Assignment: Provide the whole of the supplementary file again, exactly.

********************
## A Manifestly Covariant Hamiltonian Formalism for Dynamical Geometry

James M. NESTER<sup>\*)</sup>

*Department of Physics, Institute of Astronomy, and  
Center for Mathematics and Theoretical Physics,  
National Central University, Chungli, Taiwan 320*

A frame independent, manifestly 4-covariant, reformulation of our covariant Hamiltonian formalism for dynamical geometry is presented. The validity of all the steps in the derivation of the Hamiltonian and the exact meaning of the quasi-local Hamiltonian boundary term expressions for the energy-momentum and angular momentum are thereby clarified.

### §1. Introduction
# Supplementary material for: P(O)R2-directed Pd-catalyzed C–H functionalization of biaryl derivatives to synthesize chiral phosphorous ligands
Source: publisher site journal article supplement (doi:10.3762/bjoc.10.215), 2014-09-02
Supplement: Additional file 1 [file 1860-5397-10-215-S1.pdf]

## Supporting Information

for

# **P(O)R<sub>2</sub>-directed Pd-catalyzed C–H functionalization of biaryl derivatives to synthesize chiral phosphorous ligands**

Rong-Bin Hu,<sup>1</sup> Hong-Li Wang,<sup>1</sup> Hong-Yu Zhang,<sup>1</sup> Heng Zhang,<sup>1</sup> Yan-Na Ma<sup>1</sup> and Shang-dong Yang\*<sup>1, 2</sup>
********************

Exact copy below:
## A Manifestly Covariant Hamiltonian Formalism for Dynamical Geometry

James M. NESTER<sup>\*)</sup>

*Department of Physics, Institute of Astronomy, and  
Center for Mathematics and Theoretical Physics,  
National Central University, Chungli, Taiwan 320*

A frame independent, manifestly 4-covariant, reformulation of our covariant Hamiltonian formalism for dynamical geometry is presented. The validity of all the steps in the derivation of the Hamiltonian and the exact meaning of the quasi-local Hamiltonian boundary term expressions for the energy-momentum and angular momentum are thereby clarified.

### §1. Introduction
# Supplementary material for: P(O)R2-directed Pd-catalyzed C–H functionalization of biaryl derivatives to synthesize chiral phosphorous ligands
Source: publisher site journal article supplement (doi:10.3762/bjoc.10.215), 2014-09-02
Supplement: Additional file 1 [file 1860-5397-10-215-S1.pdf]

## Supporting Information

for

# **P(O)R<sub>2</sub>-directed Pd-catalyzed C–H functionalization of biaryl derivatives to synthesize chiral phosphorous ligands**

Rong-Bin Hu,<sup>1</sup> Hong-Li Wang,<sup>1</sup> Hong-Yu Zhang,<sup>1</sup> Heng Zhang,<sup>1</sup> Yan-Na Ma<sup>1</sup> and Shang-dong Yang\*<sup>1, 2</sup>